It requires so little effort compared to the benefits. I have never had a single rodent in or around my house. To those worried about birds, my dog has found and brought only one into the house. No way to tell how it met its demise. Another time, I heard a bird squeal and was able to scare the cat into dropping it. This is over the course of several years.

    I know it’s possible more have been caught, but I have not found any other evidence of it. I still have three different bird species brave enough to nest every spring and close to a dozen different types, visit in large numbers all summer long.

    As to the net effect of increasing the colony, if you trap and neuter, the numbers automatically decline. Left alone, they almost all survive long enough to have a litter or two.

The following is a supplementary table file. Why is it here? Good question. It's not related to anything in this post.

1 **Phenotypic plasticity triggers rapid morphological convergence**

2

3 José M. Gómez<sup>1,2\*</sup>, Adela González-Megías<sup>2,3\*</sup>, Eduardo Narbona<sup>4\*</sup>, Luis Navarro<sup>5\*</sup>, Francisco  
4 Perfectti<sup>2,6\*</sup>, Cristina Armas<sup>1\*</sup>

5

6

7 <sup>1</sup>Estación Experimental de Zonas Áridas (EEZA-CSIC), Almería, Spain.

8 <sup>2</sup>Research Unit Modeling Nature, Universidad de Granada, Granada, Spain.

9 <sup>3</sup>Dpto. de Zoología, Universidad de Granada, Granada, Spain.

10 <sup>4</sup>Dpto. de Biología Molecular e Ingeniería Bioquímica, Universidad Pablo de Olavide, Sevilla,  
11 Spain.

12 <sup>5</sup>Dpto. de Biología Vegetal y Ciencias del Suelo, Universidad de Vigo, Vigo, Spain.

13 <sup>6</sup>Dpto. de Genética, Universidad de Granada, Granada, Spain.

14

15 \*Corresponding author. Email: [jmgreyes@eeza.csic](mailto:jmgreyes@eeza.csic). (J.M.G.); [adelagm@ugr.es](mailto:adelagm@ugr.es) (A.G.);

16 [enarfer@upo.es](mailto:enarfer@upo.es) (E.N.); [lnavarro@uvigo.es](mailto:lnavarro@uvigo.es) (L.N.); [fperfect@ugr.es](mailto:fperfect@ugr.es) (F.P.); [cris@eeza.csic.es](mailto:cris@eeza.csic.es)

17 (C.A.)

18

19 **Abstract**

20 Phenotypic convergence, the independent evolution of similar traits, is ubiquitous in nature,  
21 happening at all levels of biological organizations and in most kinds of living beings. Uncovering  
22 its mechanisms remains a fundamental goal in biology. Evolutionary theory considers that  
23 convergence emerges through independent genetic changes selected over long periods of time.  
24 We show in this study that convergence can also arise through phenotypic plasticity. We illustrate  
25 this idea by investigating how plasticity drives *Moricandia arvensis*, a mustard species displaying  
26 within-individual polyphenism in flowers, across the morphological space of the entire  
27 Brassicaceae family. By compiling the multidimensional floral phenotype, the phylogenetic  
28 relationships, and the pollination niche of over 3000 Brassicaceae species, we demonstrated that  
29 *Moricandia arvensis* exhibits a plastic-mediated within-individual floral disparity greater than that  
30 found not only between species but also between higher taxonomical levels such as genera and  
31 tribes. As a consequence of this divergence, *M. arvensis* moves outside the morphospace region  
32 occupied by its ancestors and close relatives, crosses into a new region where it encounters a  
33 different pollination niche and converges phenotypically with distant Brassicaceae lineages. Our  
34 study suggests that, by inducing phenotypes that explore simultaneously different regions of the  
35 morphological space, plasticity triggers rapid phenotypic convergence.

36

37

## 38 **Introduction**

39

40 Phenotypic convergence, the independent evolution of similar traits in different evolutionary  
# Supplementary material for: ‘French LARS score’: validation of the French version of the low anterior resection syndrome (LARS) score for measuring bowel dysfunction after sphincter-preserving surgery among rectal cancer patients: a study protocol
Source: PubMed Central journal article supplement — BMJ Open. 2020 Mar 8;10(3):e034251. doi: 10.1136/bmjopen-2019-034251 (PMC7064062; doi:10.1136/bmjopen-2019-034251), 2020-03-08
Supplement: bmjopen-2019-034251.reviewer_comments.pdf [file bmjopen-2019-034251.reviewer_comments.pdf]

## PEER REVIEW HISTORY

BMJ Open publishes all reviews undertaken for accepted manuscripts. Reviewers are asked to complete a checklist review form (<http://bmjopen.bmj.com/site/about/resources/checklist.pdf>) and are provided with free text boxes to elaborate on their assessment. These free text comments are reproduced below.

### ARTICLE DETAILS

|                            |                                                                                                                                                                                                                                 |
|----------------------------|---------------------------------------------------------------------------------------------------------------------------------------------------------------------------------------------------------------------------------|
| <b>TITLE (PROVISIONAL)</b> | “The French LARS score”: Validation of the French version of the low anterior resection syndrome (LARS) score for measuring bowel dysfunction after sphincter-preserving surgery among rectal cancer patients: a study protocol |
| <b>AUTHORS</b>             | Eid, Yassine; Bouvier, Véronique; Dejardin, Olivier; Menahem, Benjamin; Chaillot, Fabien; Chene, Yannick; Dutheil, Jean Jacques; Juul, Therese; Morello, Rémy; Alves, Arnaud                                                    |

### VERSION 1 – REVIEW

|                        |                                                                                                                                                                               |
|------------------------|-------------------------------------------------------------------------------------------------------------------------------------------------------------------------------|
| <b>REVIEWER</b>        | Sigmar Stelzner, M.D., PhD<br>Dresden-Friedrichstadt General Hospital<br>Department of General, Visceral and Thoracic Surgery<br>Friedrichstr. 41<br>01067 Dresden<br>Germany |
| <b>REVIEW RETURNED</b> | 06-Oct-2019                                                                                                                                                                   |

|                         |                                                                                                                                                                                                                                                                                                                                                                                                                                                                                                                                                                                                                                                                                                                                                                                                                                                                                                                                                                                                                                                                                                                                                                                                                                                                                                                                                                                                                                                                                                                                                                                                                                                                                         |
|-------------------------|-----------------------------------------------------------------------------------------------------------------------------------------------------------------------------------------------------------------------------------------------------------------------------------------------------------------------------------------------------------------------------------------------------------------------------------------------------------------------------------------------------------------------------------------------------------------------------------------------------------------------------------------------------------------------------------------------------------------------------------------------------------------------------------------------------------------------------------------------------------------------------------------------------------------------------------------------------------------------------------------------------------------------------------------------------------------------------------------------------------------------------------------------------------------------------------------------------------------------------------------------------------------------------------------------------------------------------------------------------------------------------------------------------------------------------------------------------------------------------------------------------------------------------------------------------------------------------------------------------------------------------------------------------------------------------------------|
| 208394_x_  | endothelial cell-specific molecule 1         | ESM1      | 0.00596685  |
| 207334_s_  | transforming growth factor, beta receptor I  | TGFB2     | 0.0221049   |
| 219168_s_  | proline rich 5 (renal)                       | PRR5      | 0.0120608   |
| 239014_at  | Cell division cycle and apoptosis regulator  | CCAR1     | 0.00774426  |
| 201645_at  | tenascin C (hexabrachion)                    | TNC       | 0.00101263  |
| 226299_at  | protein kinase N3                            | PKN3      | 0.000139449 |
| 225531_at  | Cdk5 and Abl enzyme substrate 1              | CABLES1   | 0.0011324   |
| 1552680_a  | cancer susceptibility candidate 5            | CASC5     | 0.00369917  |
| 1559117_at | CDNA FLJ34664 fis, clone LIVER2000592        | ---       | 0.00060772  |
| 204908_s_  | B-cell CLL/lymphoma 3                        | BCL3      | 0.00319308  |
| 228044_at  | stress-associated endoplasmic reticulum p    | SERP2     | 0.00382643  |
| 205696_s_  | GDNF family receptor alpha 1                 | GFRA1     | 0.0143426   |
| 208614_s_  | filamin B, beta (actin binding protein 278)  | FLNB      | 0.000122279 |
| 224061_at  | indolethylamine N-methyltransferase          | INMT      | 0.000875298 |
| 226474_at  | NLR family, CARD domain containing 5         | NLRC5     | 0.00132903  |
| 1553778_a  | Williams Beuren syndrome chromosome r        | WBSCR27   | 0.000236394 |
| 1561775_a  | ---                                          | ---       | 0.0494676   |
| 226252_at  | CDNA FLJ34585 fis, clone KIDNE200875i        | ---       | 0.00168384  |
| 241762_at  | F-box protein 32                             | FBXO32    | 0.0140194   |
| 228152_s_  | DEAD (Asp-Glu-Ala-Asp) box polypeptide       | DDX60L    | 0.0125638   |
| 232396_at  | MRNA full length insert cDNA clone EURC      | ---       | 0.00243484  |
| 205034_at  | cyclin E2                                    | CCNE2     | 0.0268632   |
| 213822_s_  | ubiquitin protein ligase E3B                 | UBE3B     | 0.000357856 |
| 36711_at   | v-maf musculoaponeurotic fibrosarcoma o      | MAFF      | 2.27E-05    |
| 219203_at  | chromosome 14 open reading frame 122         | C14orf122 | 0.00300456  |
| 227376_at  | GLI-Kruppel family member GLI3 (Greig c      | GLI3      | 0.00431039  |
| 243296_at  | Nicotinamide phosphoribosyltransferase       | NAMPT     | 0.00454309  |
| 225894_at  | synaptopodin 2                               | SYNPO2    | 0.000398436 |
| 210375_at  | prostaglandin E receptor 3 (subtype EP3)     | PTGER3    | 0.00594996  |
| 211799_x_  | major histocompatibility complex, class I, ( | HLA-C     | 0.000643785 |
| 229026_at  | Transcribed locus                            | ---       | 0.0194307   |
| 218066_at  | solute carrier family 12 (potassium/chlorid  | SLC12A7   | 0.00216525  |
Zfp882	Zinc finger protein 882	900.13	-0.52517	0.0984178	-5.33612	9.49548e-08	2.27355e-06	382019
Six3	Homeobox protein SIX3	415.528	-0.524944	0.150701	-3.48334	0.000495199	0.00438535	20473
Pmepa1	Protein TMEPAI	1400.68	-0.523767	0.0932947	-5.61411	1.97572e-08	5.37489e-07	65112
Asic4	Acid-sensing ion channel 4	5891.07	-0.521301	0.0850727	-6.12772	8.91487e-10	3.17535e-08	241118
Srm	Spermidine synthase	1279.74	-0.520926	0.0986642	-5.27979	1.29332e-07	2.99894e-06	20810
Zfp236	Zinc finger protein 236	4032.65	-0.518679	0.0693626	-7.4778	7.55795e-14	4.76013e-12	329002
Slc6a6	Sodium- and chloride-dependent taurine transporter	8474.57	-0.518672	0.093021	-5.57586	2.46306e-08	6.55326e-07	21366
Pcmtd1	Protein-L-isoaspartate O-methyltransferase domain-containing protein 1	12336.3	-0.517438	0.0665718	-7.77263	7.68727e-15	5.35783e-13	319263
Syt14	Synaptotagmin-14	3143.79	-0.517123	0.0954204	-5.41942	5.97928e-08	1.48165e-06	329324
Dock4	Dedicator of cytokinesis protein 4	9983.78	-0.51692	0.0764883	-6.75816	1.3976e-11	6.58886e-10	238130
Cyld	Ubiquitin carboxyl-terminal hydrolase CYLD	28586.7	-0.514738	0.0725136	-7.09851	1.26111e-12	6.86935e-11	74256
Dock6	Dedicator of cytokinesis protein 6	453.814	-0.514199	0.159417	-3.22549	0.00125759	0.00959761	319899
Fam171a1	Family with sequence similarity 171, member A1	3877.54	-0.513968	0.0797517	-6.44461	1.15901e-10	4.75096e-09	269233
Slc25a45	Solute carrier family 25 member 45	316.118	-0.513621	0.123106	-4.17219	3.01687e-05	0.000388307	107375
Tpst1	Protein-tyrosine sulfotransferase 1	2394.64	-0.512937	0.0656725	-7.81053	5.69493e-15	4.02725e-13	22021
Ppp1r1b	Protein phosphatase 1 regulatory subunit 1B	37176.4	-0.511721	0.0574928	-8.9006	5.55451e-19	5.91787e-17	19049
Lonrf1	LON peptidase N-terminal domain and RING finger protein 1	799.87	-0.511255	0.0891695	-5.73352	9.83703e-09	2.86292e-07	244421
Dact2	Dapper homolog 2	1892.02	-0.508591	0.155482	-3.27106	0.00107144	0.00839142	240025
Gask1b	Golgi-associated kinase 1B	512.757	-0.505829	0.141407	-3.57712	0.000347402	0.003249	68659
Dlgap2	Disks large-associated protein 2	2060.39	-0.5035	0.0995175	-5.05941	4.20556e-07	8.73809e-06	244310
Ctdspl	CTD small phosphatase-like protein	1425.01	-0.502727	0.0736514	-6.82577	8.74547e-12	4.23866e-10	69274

Hi Julie,

    Thank you for your post. After you have a chance to check out the listed resources, please let me know if I can provide anymore information on wildlife/bird cohabitation with Ferals. Good question re: the Feral cat population impact. By spaying/neutering the Feral cats, we reduce the population over time.

    Hi JT.

    Thank you for your post and for discussing your experience with bird and Feral cohabitation. Stories like yours help confirm that we as humans can care about and for all animals. And a HUGE thank you for all of the Ferals ‘n’ strays that you have altered and still care for.

    By the way, we need people in West Seattle that are willing to show others how to TNR. Our thought is that the more people that see they can trap/neuter/return, the more Feral advocates we will develop. Would you have time/be interested in assisting with being a Coach/Mentor as calls come in for assistance? Thanks for considering this request.



    My eight year old woke me up with these wise words:

    If you don’t pet your pet, then your pet is not really a pet.

    Made me smile.